Australia produced an estimated 16.3 metric tons of carbon emissions per capita in 2013, compared to 0.8 tons per capita in PNG, the most populous Pacific Island nation of 7.6 million people.

Forest lining the Bairaman River in PNG. New Guinea Island has some of the world’s largest and most biodiverse remaining tropical forests. Photo by Paul Hilton/Greenpeace.

“To cry foul to the major contributors to the fossil fuel industry and climate change, yet participate in something that will only make matters worse for us definitely does not paint a good picture,” Dagia Aka responded. “Pacific Island countries have a moral responsibility to take a lead with the Paris agreement simply because we are the ones facing the worst effects of climate change at this point in time.”

Other regional governments have also expressed concerns about coal mining. In 2015 leaders of Pacific Smaller Island States — comprising the Cook Islands, Kiribati, Federated States of Micronesia, Republic of the Marshall Islands, Nauru, Niue, Palau and Tuvalu — issued the Port Moresby Declaration on Climate Change which calls for “a global moratorium on all new coal mines.”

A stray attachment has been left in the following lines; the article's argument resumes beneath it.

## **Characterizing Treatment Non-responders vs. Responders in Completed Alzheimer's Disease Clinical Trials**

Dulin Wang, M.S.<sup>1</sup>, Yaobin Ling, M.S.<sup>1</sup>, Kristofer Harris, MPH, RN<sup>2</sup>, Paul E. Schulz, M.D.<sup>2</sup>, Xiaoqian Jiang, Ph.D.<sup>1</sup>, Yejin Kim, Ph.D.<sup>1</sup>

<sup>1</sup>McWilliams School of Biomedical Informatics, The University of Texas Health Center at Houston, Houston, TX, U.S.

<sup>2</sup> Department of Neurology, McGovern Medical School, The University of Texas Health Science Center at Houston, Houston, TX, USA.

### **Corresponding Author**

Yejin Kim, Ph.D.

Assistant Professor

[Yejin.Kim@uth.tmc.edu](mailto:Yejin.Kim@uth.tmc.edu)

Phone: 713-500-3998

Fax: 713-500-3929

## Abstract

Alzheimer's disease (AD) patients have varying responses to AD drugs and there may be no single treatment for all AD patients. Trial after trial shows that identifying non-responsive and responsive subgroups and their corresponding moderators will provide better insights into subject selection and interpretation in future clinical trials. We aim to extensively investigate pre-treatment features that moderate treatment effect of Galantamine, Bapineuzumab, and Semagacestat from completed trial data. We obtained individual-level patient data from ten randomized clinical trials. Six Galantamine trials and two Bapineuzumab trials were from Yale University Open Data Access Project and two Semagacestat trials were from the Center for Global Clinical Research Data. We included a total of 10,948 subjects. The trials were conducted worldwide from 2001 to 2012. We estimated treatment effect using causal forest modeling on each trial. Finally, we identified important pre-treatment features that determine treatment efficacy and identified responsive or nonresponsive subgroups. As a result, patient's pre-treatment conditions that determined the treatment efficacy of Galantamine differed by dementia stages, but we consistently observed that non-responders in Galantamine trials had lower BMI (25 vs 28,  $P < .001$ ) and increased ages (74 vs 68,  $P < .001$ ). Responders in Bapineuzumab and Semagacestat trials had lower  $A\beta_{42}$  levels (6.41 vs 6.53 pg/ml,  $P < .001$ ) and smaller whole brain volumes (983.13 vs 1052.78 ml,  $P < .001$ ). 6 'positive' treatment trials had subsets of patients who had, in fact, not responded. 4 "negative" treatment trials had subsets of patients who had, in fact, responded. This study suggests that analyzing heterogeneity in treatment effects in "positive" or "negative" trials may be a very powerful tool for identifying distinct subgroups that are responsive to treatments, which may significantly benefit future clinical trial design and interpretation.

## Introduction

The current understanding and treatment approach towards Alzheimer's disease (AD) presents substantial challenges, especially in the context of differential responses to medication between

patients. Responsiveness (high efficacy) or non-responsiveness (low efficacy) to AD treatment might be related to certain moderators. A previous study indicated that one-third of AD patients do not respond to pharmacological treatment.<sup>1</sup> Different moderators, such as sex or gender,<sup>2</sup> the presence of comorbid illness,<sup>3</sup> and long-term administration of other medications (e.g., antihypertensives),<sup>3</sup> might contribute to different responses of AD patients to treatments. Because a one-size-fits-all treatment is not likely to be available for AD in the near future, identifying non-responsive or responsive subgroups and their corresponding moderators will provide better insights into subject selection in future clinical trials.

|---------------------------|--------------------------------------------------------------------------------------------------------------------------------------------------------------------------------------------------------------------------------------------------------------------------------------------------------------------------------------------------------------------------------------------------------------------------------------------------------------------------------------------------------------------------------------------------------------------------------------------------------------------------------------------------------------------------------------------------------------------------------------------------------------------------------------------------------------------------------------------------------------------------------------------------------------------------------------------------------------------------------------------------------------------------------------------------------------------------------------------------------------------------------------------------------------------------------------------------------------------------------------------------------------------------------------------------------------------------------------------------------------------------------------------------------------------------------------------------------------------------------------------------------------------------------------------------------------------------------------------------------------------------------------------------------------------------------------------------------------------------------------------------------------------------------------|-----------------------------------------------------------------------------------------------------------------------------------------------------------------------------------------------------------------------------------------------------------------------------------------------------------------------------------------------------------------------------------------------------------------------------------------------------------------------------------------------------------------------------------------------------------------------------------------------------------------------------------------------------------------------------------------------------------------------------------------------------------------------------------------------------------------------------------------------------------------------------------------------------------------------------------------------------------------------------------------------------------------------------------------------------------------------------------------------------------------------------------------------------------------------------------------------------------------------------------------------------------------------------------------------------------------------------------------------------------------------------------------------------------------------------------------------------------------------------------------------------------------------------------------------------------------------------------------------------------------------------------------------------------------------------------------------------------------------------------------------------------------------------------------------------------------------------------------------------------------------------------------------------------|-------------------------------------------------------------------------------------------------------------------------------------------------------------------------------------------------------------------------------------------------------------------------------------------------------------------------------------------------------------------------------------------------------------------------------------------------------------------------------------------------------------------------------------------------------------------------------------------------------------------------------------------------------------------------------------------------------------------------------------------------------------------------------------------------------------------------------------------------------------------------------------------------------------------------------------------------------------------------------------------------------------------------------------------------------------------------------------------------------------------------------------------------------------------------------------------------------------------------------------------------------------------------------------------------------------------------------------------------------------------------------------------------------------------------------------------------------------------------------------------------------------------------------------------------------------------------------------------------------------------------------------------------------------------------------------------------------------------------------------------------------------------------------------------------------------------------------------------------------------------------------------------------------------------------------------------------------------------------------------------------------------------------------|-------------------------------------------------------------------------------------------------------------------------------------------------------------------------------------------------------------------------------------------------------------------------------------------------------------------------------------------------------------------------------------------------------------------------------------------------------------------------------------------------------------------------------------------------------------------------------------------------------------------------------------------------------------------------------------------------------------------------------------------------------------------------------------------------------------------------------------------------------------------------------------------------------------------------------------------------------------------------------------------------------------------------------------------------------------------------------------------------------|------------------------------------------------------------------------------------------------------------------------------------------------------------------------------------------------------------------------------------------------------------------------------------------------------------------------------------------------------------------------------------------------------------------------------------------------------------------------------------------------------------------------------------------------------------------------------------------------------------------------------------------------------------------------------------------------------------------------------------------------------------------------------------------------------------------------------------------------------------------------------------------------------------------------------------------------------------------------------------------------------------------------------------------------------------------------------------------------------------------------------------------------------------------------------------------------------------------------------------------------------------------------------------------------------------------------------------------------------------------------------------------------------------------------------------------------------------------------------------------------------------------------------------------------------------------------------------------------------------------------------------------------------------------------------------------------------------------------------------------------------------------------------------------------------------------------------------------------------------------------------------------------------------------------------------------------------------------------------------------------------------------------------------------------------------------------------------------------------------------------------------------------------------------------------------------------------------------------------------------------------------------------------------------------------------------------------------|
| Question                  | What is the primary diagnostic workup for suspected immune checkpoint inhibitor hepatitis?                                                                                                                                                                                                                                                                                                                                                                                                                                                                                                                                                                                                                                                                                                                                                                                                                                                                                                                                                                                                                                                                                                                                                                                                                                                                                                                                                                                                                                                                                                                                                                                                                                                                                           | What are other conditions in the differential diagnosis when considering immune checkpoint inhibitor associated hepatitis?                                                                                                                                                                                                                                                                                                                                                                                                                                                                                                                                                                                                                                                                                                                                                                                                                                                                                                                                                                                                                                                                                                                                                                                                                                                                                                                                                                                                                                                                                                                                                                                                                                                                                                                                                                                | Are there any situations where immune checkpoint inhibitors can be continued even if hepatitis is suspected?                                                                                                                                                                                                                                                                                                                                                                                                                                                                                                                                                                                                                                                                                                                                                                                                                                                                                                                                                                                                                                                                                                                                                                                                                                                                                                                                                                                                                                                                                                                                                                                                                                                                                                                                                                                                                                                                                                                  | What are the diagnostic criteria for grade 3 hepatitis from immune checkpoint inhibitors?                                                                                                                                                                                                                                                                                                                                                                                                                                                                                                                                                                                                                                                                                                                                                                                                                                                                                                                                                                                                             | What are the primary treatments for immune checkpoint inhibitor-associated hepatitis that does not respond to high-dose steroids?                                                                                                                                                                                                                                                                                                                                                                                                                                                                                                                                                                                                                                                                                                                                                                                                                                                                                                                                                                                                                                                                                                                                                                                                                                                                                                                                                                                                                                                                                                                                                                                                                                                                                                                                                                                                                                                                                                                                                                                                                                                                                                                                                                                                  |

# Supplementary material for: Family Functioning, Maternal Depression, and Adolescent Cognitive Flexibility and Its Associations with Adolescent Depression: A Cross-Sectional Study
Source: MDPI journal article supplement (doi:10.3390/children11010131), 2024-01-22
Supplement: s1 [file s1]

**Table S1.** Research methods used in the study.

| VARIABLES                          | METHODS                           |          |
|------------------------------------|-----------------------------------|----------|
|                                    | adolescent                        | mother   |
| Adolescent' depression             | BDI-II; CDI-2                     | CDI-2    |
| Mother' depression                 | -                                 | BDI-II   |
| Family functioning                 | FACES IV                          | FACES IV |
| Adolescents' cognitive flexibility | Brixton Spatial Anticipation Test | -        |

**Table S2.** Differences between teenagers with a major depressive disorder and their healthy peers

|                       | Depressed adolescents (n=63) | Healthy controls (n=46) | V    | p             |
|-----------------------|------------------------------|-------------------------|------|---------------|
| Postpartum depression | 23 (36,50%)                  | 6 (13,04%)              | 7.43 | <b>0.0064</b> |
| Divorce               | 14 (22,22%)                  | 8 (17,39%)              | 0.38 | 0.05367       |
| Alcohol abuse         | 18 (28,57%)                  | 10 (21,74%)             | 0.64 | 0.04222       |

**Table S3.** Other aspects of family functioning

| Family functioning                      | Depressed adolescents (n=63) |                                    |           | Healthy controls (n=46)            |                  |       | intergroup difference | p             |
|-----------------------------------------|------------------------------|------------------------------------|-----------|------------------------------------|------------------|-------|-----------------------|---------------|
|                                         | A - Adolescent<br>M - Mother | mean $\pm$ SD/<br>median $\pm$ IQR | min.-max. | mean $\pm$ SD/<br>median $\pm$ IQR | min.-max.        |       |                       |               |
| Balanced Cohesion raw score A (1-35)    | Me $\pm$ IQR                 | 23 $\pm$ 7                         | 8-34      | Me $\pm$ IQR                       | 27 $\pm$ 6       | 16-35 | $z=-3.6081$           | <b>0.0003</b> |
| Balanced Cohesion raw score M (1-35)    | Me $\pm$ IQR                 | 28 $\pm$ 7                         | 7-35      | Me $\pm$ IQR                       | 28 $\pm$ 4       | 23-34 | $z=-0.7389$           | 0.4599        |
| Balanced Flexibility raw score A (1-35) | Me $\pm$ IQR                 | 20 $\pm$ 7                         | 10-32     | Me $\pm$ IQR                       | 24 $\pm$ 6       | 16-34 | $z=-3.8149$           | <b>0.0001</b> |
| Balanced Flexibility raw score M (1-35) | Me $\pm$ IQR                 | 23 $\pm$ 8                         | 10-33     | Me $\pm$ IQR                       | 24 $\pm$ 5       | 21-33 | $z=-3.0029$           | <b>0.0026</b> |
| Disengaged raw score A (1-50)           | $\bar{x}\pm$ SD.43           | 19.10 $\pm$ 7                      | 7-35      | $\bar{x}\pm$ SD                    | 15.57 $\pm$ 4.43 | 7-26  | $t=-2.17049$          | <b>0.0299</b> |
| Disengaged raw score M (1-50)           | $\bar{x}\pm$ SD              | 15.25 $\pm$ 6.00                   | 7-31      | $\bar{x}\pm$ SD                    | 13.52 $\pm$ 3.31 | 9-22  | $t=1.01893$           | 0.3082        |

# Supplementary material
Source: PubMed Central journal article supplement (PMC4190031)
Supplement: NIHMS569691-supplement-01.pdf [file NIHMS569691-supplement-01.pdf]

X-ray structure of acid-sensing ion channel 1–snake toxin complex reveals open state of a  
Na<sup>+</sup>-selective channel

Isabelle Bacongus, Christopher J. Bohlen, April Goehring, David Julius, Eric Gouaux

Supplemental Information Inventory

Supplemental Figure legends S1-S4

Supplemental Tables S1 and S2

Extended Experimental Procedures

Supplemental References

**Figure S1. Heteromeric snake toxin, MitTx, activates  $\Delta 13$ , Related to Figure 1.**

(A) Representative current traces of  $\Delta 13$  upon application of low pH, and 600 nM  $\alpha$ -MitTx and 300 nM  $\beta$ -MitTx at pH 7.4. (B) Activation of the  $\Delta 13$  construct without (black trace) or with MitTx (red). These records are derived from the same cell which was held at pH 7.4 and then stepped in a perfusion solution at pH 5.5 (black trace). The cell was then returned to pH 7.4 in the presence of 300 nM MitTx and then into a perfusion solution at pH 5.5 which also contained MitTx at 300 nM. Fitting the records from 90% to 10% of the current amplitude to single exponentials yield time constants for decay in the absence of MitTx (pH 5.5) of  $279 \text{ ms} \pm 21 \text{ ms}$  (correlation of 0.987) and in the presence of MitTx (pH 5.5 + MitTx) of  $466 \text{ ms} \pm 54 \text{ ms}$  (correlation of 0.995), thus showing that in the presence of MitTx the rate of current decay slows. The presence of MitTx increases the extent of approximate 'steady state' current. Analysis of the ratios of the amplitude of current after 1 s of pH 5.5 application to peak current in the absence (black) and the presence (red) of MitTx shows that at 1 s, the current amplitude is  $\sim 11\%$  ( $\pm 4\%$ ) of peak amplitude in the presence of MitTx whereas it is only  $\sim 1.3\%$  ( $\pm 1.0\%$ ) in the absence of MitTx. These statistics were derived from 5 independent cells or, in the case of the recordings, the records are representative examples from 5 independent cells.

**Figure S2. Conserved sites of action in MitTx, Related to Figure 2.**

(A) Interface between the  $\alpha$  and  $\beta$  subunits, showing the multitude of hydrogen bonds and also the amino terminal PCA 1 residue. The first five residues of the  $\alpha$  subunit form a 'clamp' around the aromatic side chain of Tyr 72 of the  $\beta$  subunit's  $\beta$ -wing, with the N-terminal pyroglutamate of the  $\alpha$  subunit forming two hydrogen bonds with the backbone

In countries across the region, higher sea levels and temperatures have led to the flooding of villages, coastal erosion, deteriorating crop yields and freshwater supplies. Affected communities have been forced to relocate in the Carteret Islands in PNG, Nuatamba and Nararo Islands in the Solomon Islands and Vanua Levu in Fiji.

Internal migration is a very expensive undertaking for Pacific Island governments presiding over small economies and restricted budgets already over-stretched with a wide range of human and socioeconomic development goals.